Bobby held out his hand but didn’t pull me up. “I’ll take your music now,” he said. “You burned me a disc, right?”

I reached up and plucked a yellow flower from the shrub of St. John’s wort. And I stood. And while Bobby spoke, I closed the petals of the flower and deprived him of words. He mouthed, “What the fuck?” but his voice didn’t obey him.

I tossed this flower through the doorway and when it landed, the living room went silent and the only thing out of their mouths was smoke.

It was 5:46 p.m.

At home, Foxtrot wasn’t there. No note. No scent of her. Not even a glass stained with her lips. Only a 10-second recording she left on my computer. I hit Play and she whispered two words, “Galen Gorry,” and the recording ended. It meant nothing to me at the time.

Alone once more.

Hello, Terror.

Hello, it replied.

Goodbye, Terror.

Goodbye, it said.

Hello, music. I picked up my guitar.

Hello, magic, it sung back.

— T.P. from Los Angeles, CA


Art and magic are no different. But we are.


We wrote the 5 mysteries.

We’re from another world.

the day we didn’t wake up

Los gatos were missing this Tuesday. The bus didn’t pick me up this Tuesday. I’ve seen no moving cars this Tuesday. I’ve seen no person this Tuesday.

Los gatos are the men who hide in the bushes. Los gatos is the name I gave them. But only I know that name and now you. Los gatos hide from the sun, not from predators. Los gatos I see every day because I ride my bike past them. They are sometimes more like cats than cats. I know cats. I grew up with cats. Cats kept my abuela from being lonely. She’s dead now, so the cats are lonely.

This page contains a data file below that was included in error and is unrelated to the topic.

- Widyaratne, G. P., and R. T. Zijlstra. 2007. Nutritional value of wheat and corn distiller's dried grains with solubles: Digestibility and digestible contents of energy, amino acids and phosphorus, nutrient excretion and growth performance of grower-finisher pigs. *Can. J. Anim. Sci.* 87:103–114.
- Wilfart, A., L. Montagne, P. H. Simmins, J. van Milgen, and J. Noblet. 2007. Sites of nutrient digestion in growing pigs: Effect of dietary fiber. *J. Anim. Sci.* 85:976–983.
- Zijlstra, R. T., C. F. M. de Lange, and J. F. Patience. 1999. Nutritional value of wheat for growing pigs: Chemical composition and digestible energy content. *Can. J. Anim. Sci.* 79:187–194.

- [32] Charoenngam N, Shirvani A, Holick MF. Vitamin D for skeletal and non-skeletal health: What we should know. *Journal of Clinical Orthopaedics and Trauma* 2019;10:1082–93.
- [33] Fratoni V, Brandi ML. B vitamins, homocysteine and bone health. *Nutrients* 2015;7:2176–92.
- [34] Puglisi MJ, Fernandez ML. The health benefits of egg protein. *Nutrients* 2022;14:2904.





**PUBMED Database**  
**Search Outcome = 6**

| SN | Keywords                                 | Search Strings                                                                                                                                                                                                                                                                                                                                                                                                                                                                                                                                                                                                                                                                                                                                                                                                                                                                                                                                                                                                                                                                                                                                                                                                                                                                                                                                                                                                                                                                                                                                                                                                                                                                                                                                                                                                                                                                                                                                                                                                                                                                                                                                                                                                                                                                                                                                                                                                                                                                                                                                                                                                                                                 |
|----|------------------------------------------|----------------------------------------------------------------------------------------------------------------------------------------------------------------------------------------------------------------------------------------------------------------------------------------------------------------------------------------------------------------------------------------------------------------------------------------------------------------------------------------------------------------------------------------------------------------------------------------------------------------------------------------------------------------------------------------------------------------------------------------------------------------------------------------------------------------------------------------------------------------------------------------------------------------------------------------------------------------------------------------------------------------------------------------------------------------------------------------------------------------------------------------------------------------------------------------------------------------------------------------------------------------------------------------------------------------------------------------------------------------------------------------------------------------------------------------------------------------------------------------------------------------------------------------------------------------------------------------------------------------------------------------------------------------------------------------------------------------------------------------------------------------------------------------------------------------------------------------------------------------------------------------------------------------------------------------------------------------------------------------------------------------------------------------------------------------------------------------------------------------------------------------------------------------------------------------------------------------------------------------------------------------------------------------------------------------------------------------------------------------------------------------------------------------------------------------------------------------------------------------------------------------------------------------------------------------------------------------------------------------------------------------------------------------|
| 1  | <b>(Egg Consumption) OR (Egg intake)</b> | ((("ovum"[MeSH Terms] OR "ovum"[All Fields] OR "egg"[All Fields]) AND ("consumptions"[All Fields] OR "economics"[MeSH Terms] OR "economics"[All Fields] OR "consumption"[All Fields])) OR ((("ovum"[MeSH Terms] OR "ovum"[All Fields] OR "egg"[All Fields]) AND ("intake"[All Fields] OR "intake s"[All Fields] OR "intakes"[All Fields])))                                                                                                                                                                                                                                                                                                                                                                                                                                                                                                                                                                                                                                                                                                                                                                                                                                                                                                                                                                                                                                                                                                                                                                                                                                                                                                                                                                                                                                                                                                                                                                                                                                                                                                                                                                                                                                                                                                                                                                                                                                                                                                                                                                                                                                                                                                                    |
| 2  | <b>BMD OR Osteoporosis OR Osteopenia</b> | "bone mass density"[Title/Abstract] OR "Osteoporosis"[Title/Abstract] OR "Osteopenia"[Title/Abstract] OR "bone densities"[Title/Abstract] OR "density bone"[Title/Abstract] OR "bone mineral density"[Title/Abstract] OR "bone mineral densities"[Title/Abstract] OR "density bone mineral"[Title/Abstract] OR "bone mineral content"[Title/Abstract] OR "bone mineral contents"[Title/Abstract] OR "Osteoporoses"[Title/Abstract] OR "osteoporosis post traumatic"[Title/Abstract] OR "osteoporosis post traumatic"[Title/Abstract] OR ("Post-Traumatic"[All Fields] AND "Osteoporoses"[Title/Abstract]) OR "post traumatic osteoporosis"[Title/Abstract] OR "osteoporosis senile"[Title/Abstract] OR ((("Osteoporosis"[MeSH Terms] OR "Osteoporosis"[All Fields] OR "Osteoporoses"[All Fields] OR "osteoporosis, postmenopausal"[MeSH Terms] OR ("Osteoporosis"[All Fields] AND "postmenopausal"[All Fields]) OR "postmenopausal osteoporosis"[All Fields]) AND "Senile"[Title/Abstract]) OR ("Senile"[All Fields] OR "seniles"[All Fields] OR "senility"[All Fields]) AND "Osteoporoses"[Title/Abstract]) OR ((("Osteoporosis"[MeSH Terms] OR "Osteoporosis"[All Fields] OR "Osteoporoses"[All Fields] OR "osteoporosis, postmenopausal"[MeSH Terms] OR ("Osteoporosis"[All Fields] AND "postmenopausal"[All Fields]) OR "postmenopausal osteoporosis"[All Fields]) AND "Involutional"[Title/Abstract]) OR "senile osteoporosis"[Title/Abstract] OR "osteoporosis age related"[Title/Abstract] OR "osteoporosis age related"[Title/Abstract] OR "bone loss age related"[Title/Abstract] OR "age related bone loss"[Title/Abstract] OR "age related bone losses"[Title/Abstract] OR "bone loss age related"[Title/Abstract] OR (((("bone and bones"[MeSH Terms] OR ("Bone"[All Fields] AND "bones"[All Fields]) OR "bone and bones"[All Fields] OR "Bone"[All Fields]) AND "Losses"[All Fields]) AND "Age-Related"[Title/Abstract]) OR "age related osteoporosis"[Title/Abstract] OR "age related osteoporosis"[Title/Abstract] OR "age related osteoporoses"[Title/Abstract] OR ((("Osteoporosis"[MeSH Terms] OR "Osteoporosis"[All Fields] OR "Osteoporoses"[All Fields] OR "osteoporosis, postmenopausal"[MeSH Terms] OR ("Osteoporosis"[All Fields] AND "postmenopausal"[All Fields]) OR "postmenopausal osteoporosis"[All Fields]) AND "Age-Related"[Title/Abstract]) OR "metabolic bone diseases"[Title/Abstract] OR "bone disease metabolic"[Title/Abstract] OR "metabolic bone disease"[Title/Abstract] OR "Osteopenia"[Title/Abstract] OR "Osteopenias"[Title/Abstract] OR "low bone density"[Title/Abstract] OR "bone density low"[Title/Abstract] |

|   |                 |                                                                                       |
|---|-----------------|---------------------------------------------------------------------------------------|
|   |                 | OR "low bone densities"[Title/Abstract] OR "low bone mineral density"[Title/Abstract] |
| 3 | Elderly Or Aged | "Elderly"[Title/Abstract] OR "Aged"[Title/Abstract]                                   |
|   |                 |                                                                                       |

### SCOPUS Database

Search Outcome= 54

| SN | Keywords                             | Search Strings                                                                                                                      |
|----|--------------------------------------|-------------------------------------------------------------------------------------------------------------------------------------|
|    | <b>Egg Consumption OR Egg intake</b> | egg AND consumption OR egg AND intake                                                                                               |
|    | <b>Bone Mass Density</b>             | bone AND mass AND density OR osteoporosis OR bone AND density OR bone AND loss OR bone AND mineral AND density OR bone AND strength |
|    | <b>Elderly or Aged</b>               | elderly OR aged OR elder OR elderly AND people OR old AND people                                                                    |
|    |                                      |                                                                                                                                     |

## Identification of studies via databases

Los gatos are not scary men doing scary things in the shadows. Los gatos are working men like my father. Working in places other than offices. Yards. Warehouses. Construction sites. They have no break rooms with shade and air conditioning. The sun is always staring at them in Los Angeles.


The sun is staring at me now. I’m outside the front door of the shipping and logistics company where I move freight around. The door’s locked. I look through the tinted glass door. I can’t see Ashanti. I can usually see Ashanti chewing on her pencil at the front desk. I can still see her mug that says, “Ssshhh…There’s wine in here.”